The previous record low for March 6 was set in 1990 when the Animas River was flowing at 121 cubic feet per second. On Tuesday, the Animas River was flowing at 104 cfs. And on Wednesday, the previous record low of 118 cfs in the 1990s was shattered when the Animas River averaged 107 cfs.

These numbers are provisional and must be confirmed by the USGS. They are based on the daily average discharge levels recorded at a gauge station near the Powerhouse Science Center, 1333 Camino del Rio.

The dismally low flows can be tied to drought-like conditions that have plagued Southwest Colorado this winter, said Jeff Derry, executive director of the Center for Snow & Avalanche Studies.

The Animas River typically flows to a near trickle in fall and winter as snowpack builds up in the higher elevations before eventually melting into peak flows during spring and early summer. But this winter is abnormal.

For context, the mean flow for the Animas River on March 8 is 240 cfs. But a gauge reading at 9:30 a.m. Thursday showed the river flowed at less than half that – about 114 cfs – a record low.

Derry said extremely dry conditions in the fall created these historically low flows, and the dryness continued most of the winter. That, in part, has caused the water table to remain low.

Even worse, terrain at lower elevations is bone dry.

SNOTEL stations (weather-monitoring sites operated by National Resource Conservation Service) are mainly located above 10,000 feet in elevation, and even there, snowpack is at only 50 percent of normal, based on about 40 years of records. Low elevations aren’t tracked as closely.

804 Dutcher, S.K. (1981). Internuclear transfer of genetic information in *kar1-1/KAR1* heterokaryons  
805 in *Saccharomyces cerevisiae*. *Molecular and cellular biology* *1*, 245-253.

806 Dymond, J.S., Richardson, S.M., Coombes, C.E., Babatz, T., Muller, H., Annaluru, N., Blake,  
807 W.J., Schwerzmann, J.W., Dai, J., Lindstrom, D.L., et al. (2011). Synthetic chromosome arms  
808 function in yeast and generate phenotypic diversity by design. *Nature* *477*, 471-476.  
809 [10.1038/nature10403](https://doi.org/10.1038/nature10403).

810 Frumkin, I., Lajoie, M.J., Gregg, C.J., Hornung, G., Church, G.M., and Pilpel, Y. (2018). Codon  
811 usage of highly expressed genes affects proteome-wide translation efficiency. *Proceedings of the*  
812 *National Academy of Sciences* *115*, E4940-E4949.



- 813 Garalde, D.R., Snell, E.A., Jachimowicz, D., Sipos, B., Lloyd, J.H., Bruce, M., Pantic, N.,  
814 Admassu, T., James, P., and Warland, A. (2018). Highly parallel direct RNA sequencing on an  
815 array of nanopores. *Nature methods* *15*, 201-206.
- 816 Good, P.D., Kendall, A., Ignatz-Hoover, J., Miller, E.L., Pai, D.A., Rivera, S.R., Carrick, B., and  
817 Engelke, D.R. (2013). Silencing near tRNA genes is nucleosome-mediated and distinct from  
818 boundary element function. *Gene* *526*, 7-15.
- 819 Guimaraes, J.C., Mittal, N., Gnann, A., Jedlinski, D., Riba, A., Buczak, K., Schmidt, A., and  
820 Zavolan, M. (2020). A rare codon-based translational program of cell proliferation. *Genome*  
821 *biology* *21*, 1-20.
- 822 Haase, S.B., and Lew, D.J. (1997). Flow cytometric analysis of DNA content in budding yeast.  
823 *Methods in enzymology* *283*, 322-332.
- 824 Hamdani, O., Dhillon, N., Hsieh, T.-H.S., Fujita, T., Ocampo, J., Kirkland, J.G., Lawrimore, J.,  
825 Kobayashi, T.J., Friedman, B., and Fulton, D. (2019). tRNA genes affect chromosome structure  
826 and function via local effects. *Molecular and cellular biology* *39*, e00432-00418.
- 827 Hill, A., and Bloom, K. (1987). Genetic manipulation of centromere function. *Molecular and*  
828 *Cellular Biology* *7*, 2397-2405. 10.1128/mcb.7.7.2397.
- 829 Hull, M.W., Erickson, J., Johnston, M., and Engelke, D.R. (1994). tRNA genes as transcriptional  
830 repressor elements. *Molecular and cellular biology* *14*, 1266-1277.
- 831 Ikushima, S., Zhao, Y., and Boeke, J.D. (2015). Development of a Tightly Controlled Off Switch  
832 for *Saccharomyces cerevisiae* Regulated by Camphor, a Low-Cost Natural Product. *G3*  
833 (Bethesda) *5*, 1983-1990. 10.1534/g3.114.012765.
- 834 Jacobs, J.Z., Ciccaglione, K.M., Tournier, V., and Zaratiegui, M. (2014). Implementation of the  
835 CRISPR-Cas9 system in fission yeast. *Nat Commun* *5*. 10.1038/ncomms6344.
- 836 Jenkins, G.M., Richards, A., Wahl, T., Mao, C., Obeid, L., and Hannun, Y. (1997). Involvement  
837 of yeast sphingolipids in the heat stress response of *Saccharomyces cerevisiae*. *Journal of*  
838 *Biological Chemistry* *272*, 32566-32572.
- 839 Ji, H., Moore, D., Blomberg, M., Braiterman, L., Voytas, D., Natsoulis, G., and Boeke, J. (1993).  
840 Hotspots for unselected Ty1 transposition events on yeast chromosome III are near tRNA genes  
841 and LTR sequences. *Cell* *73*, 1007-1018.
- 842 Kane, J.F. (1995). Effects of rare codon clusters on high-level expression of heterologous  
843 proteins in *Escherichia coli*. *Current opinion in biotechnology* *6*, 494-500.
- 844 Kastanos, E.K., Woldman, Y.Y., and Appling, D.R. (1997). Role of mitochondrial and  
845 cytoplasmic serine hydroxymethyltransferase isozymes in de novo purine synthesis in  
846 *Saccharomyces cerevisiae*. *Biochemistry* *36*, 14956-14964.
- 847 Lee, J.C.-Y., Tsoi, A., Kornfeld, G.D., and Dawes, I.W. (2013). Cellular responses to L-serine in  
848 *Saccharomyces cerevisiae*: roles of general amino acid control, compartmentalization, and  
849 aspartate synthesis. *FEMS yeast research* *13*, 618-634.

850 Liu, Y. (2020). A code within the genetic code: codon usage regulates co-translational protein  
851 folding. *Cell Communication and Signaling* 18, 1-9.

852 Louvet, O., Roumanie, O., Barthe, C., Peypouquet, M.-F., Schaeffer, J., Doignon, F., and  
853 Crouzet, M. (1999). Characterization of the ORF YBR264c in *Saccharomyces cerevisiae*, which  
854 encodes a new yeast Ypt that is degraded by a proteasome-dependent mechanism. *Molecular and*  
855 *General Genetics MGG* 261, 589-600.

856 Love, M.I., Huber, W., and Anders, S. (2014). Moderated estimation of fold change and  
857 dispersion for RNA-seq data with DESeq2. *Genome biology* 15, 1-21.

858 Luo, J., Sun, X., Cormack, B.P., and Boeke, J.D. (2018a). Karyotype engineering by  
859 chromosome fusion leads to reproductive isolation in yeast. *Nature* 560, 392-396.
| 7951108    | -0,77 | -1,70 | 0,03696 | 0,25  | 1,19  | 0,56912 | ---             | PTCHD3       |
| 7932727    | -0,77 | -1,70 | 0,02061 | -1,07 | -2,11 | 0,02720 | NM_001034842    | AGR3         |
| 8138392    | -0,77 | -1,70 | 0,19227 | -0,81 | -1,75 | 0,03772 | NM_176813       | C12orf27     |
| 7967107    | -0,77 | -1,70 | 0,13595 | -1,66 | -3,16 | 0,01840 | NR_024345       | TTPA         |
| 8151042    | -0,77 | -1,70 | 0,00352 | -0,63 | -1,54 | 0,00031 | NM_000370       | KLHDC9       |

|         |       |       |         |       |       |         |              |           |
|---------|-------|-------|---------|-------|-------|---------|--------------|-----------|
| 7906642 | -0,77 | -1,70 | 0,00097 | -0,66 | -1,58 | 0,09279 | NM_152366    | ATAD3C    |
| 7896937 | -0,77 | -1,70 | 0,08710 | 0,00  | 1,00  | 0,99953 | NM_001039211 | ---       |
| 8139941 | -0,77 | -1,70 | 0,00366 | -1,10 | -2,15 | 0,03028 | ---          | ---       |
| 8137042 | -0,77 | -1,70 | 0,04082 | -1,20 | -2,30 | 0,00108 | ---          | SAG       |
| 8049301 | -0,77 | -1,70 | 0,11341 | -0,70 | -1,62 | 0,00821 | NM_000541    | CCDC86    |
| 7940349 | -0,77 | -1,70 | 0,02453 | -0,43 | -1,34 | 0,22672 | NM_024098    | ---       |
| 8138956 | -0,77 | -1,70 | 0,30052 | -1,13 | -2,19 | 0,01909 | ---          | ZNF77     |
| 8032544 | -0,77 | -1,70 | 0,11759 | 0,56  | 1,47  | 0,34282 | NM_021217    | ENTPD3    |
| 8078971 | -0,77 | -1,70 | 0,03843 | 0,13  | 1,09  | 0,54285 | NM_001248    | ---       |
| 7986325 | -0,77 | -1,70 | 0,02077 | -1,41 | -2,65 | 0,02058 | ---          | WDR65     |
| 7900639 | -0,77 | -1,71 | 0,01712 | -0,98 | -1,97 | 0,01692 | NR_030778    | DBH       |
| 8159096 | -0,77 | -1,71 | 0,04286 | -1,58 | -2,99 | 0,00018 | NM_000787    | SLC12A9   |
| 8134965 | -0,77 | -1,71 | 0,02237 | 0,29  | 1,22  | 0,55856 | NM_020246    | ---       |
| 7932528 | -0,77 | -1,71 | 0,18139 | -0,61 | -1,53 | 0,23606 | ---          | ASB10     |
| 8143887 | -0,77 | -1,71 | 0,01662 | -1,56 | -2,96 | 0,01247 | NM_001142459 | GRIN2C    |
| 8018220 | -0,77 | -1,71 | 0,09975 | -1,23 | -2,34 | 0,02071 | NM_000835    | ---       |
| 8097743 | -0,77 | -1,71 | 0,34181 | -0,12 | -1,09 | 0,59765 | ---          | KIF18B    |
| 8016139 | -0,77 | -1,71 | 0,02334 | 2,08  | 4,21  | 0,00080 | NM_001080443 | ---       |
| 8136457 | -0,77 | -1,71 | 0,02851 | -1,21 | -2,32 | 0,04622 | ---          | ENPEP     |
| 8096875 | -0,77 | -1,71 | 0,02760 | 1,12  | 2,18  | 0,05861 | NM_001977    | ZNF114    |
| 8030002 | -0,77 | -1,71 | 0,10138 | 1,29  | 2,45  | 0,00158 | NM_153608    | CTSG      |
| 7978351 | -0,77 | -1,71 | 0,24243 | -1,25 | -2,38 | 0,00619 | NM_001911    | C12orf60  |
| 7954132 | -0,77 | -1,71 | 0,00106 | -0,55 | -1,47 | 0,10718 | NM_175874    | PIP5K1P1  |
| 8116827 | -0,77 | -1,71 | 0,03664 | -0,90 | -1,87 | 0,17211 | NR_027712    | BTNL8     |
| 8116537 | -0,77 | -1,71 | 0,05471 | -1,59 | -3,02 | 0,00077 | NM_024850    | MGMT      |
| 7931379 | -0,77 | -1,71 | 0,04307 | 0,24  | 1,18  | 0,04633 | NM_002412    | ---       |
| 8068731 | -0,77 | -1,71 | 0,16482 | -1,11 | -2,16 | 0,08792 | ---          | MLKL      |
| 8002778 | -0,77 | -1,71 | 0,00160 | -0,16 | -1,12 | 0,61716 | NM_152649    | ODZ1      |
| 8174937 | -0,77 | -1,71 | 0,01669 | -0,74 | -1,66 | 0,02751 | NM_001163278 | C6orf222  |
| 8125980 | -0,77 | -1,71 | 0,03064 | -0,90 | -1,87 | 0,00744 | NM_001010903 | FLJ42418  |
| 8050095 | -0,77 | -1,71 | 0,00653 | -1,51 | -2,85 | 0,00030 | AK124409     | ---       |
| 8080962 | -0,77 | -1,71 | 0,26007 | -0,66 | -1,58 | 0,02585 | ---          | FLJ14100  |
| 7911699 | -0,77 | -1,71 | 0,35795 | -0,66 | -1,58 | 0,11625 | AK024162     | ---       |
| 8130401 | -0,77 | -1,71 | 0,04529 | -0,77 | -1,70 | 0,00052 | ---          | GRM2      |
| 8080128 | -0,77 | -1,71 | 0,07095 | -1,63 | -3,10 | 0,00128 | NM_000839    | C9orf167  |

A SNOTEL station at Cascade Creek at 8,800 feet, near Purgatory Resort, measured the snowpack at 34 percent of normal Thursday.

Jerry Archuleta, with the National Resource Conservation Service in Pagosa Springs, said the latest stream flow forecasts show the Animas River’s spring runoff is likely to be less than 50 percent of normal averages.

NRCS data show water storage in Southwest Colorado reservoirs is about 105 percent, compared with 114 percent at this time last year.

Carryover storage from last year’s heavy snow totals will help with this year’s coming drought, but it could hurt irrigators next year, said Bruce Whitehead, executive director of Southwestern Water Conservation District.

Whitehead said this year mirrors another notably dry and dangerous year: 2002, the year of the Missionary Ridge Fire. Right now, the region is above 2002’s snowpack levels, but that could rise or fall depending on the weather.

The United States Drought Monitor’s data indicates this year is actually worse than 2002.

“It doesn’t look good,” Whitehead said. “Hopefully we get some more moisture. In the past, we’ve had late spring storms come in and bring snowpack up considerably.”

Jim White, an aquatic biologist with Colorado Parks and Wildlife, said fish populations in the Animas River are safe – for now; the water is still cold and fish are too inactive to detect problems.

Once water temperatures begin to rise, though, fish and aquatic bugs will become more active but will have less room to move around because of low water. This can cause overcrowding and lead to deadly diseases…

Andrew Lyons, a meteorologist with the National Weather Service in Grand Junction, said the La Niña weather pattern that cuts Southwest Colorado off from any meaningful moisture is expected to persist until at least May.

That means for the next three months, below-average precipitation and above-average temperatures will continue in Durango.

For the record, it appears the lowest the USGS gauge station has ever recorded the Animas River flowing was about 100 cfs.

West Drought Monitor March 6, 2018.